The Xbox One backwards compatibility initiative announced at E3 in 2015 now supports just over 300 games. The BioShock trilogy is the latest set of high-profile titles to join the program, and Xbox boss Phil Spencer says the program is doing well.
Spencer took to Twitter to thank the Xbox community for supporting the program and remarked that “nearly 50% of all [Xbox One] owners playing [backwards compatibility] is nice to see.”
The Nintendo Wii U was the only system of the three major home consoles to support any kind of backwards compatibility out of the box. When Microsoft’s Xbox One struggled to keep up with the PlayStation 4, though, Microsoft started addressing fan concerns one after another. The biggest of these, and likely a monumental task, was bringing backwards compatibility to the system post-launch. Due to the way console game licenses worked during the previous generation of consoles, making backwards compatibility work wasn’t simply a matter of technical grunt work and man-hours. Game licenses – especially for games like Rock Band, Guitar Hero, and any game with lots of licensed music – didn’t account for being played on a system other than the one they were made for.
So Microsoft did the work of uniting the software and hardware but had to rely on publishers to allow them to put their games on the backwards compatibility program. Instead of seeing hundreds of games appear at once, we’ve watched games trickle out at an average of about 3 games per week.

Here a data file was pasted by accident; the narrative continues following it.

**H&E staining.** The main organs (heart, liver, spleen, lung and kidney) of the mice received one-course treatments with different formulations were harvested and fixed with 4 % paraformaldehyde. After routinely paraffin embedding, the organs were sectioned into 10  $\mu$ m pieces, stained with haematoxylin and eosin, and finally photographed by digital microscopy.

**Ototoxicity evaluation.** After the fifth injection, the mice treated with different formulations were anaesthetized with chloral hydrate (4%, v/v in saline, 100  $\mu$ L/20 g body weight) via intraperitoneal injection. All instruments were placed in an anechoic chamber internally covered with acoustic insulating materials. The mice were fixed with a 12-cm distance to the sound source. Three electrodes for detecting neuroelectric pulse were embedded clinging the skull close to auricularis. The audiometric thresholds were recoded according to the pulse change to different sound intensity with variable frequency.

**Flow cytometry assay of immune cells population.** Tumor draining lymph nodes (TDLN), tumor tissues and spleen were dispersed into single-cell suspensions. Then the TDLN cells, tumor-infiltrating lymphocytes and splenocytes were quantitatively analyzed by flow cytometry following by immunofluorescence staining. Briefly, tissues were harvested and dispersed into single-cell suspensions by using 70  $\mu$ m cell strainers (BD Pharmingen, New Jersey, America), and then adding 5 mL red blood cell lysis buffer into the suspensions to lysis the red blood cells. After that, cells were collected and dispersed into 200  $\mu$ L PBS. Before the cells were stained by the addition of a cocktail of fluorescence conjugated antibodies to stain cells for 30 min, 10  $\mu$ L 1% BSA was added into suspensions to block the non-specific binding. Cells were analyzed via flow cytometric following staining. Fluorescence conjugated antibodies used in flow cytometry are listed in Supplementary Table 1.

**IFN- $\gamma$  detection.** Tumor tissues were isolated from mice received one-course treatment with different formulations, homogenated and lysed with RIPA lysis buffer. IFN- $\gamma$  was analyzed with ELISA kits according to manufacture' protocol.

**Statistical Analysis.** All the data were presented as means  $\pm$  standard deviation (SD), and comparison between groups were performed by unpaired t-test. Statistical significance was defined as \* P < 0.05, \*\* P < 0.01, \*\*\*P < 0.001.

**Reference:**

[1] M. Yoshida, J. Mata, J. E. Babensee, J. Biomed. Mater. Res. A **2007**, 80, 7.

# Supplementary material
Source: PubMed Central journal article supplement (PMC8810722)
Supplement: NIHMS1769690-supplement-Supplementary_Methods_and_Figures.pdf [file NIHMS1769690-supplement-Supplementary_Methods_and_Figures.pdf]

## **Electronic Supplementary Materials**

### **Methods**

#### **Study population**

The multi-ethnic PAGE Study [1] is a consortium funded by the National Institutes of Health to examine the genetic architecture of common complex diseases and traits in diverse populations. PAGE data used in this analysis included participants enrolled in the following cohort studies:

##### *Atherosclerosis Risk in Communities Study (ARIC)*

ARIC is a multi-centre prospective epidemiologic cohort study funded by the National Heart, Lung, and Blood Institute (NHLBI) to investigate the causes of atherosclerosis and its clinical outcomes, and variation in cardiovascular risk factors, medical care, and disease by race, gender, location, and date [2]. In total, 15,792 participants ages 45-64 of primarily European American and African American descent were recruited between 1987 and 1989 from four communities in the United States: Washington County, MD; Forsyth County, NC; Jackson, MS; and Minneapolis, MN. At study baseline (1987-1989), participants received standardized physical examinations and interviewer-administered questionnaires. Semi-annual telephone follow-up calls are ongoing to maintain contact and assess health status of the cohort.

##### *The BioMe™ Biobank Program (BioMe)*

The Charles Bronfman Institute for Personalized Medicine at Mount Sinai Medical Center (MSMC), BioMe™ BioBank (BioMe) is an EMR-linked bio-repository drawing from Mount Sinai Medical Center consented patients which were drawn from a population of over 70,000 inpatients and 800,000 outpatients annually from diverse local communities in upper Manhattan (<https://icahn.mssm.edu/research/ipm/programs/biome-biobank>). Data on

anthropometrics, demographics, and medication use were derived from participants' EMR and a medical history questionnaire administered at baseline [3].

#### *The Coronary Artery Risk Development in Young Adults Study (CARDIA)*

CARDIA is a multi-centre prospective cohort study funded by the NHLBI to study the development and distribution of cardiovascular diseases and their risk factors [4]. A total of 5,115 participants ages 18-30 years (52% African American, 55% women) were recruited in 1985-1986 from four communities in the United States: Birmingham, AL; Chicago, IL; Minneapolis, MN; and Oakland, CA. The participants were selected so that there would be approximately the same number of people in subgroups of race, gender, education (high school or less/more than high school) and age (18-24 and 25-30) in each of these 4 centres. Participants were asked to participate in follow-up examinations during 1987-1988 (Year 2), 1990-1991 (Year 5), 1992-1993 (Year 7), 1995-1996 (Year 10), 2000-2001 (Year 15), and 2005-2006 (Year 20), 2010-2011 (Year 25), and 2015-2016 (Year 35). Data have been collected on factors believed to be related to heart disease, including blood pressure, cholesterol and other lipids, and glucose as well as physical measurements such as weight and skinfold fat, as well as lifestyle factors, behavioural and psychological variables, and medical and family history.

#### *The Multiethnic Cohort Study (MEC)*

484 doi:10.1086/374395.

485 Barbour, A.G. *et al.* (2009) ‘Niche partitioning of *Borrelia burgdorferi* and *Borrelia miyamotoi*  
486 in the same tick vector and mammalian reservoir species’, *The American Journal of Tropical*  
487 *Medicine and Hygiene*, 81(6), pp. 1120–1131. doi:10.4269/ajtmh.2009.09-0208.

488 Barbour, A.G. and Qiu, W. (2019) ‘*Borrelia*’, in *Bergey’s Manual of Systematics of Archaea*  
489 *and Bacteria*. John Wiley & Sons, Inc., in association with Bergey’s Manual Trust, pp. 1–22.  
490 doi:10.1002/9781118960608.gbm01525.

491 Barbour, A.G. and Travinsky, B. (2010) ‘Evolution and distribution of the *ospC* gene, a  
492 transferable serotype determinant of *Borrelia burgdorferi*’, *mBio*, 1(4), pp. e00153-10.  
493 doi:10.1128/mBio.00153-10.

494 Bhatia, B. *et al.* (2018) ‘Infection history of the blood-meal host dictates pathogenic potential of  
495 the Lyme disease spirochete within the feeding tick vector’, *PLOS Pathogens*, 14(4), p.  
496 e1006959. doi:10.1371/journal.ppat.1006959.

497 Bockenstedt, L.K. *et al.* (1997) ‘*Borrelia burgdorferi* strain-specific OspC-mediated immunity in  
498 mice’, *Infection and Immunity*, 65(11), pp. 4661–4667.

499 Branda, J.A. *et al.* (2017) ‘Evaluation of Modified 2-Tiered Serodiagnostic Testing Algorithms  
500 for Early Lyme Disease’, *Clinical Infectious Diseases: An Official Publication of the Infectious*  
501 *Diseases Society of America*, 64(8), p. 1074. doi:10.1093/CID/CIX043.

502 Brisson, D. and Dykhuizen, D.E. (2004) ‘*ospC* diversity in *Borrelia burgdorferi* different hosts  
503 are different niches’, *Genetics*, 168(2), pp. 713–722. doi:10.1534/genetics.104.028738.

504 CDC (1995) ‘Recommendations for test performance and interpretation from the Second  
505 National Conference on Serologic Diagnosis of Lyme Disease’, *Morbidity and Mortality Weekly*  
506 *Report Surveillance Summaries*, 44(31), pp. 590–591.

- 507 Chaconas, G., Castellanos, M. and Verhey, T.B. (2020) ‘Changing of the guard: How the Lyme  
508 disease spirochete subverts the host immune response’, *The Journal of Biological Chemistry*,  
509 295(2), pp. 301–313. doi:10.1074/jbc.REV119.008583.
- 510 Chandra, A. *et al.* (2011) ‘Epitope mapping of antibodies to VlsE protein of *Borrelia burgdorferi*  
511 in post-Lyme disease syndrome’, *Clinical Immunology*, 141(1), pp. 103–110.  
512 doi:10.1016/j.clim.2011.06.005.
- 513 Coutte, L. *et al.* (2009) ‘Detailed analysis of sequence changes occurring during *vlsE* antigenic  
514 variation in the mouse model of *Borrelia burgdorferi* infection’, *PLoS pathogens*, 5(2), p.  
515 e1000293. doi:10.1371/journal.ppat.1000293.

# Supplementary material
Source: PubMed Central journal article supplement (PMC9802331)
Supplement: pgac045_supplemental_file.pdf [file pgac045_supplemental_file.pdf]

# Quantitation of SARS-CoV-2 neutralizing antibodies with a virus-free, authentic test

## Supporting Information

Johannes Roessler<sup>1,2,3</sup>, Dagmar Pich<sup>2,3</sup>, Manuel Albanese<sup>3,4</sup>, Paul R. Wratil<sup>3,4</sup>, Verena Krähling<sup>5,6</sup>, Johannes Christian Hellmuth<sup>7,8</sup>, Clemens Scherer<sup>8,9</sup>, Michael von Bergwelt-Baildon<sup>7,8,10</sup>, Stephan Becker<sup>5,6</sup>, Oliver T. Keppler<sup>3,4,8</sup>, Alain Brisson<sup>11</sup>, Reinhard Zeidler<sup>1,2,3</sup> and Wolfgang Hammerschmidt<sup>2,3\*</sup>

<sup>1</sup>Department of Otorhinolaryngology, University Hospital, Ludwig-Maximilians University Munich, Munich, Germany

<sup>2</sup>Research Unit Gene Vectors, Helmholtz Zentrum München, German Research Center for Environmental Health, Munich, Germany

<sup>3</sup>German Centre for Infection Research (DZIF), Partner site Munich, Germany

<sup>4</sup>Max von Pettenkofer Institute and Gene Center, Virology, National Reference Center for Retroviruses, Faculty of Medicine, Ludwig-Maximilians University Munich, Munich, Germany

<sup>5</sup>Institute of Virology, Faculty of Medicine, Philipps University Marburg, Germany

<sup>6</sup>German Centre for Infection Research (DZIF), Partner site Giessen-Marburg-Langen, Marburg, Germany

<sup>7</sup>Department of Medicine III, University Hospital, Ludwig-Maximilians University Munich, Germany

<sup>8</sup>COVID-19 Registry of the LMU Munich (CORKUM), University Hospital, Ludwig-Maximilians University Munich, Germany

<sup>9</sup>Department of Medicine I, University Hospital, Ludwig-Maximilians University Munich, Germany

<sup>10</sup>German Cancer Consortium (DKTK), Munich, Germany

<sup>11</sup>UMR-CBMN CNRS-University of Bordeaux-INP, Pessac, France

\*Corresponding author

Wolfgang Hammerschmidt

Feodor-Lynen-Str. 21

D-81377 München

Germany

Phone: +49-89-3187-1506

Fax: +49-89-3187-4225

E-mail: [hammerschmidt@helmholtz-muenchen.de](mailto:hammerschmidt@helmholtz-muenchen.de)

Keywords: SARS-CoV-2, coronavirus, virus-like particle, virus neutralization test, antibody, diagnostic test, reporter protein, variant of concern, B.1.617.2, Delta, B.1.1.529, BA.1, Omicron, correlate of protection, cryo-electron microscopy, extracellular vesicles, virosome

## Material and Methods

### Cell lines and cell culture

Typically, backwards compatibility dies down on a system once there are enough games out there to keep people happy, but if Spencer’s numbers are accurate and not based on half-truths like including people who checked it out once on release day and never came back, then I think the trickle of games is responsible for the program’s continued popularity. When everything is backwards compatible, you end up with a huge list of games waiting to be played, and it’s impossible to get to them all.
Over the last year or so, I’ve spent significant time with Spelunky, Red Dead Redemption, Lumines, and Pac-Man Championship Edition DX+, checking out each individually as they were added to the list, rather than simply putting them all on my metaphorical pile of digital games to be checked out at a later date.
In other words, we don’t get backwards compatibility as a giant monolith, but all these small reminders of games we loved playing, sending us back into them one at a time. While the Xbox One and PlayStation 4’s rolling upgrade cycle might do away with the need for backwards compatibility entirely, it seems like Microsoft has found a good way to make what was once a nice-to-have feature into something used regularly by a significant portion of its customers.